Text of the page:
That’s what’s up this fall. Your time to read and participate in this review process is essential, because it ensures that the Agreement stands as one of the world’s best models of international, democratic cooperation to protect the health and future of the Great Lakes. Their vitality depends on our collective understanding, commitment and actions to restore and protect them. That’s how democracy works.

Great Lakes Watermark – Contribute Your Own on New Website

Paddling and Flying

By IJC staff

Our Great Lakes Watermark project continues this month with stories from Jill Bartolotta, an educator with Ohio Sea Grant, and Jennifer Nalbone of Buffalo, New York.

The IJC is partnering with Lake Ontario Waterkeeper to collect and publish a special Great Lakes Watermark collection. We’re compiling video, audio and written stories of your personal, emotional and cultural connections to the lakes, and ways you use and value these precious bodies of water.

Watch below. Great Lakes watermarks also are being posted to a new Watermark project page at www.watermarkproject.com/GreatLakes, where you can contribute your own story.

Great Lakes Learning: From Algae to Zooplankton

By Kara Lynn Dunn
Publicist
New York Sea Grant Great Lakes

Ever wondered how fish hear, what they eat, or what they might say about the conditions of a local river?

New York Sea Grant (NYSG) educators can help you find answers to these and other questions about living in the eastern end of the Great Lakes region.

an examination of fish ears new york sea grant
Above, an examination of fish ears, called otoliths, helps determine the age of the fish. Credit: Kara Lynn Dunn

K-12 educators who attend summer workshops with NYSG Coastal Education Specialist Helen Domske may examine fish ears, called otoliths, under a microscope to determine the age of a fish, dissect fish guts to analyze its diet, or visit with weather forecasters at the National Weather Service: Buffalo.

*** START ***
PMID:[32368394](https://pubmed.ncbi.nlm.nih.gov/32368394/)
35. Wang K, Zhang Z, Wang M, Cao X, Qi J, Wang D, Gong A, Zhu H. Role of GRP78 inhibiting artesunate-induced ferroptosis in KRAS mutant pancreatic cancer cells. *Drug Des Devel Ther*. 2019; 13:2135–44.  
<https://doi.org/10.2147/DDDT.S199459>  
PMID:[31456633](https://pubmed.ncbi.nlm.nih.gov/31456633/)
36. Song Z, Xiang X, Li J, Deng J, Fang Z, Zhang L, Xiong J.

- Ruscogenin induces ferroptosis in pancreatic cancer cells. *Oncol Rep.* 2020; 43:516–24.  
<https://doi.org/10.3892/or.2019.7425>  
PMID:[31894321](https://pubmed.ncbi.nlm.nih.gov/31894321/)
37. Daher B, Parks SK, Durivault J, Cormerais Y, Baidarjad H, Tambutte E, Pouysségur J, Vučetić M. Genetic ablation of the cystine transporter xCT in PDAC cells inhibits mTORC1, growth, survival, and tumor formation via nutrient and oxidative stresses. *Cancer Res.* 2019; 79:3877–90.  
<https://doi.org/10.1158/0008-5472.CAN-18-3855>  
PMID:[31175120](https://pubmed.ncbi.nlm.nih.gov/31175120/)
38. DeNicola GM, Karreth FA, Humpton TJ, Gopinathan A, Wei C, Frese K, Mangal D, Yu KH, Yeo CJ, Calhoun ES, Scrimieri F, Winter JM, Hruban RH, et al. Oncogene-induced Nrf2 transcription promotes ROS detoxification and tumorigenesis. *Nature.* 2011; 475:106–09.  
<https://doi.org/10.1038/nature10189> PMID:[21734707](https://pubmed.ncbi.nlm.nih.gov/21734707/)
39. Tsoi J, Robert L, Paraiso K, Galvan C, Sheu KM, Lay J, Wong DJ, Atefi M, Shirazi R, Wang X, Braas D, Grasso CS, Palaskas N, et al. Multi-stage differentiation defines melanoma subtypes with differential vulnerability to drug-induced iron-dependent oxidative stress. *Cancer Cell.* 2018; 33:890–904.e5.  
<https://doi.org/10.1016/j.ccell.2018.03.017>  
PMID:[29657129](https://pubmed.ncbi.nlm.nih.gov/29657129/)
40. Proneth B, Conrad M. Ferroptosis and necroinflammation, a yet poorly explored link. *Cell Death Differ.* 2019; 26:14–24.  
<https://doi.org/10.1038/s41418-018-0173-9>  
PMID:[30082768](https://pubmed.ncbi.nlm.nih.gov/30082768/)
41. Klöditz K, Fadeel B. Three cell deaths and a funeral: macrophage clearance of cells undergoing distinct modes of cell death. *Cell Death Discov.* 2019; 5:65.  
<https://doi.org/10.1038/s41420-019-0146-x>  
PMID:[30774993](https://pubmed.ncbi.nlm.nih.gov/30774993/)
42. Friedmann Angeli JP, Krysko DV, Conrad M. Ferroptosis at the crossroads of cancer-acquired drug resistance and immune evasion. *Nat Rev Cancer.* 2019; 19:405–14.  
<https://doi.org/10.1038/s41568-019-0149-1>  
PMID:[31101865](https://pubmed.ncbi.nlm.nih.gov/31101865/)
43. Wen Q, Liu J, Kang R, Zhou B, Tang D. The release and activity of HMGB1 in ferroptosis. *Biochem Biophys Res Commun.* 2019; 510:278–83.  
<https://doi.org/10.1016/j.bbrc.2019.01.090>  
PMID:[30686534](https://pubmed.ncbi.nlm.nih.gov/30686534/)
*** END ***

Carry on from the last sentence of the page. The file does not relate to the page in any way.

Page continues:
“First-hand experience is the basis for building exciting lesson plans to engage youth in becoming environmental stewards,” Domske says.

This “teach the teacher” approach, which engages educators in experiential learning with classroom-tested curriculum, was developed by NYSG and the National Oceanic and Atmospheric Administration (NOAA). Workshop participants infuse Great Lakes information on topics from algal blooms to zooplankton into their classrooms to prompt student interest in the environment. Student-led projects created as a result have included beach and stream cleanups, building and installing wood duck nest boxes, and local invasive species mapping.

Domske also periodically leads workshops that take place aboard US research vessels monitoring the Great Lakes, offering teachers the opportunity to directly interact with scientists working on Lake Erie and Lake Ontario. In 2014 and 2015, Domske worked with nearly 250 teachers who impacted the lives of nearly 25,000 students.

After a workshop along the Buffalo River, Amanda Jasper of the Global Concepts Charter School in Lackawanna, New York, concentrated instruction in her Advanced Placement Biology curriculum on the history and environmental concerns of the river. Her students created a public service announcement video to raise awareness of local issues.

Williamsville High School students took a “LEAP” forward with teacher Kim Preshoff, starting a Leaders for Environmental Awareness and Protection (LEAP) Club. They established a plastic water bottle recycling program to reduce the waste stream, and encouraged use of refillable bottles.

In addition to NOAA, partners in this educational outreach have included the US Environmental Protection Agency, the Center for Great Lakes Literacy, the New York State Department of Environmental Conservation, universities and colleges, and local organizations and site managers.

New York Sea Grant Great Lakes educators are based in Buffalo, Newark, and Oswego. For updates on NYSG activities in Great Lakes and marine districts of New York, see www.nyseagrant.org with RSS, Facebook, Twitter and YouTube links.

SIDEBAR:

Other Sea Grant Programs

New York Sea Grant is just one of several NOAA educational programs in the Great Lakes region. You can find out more about workshops and other Sea Grant activities near you by visiting these links: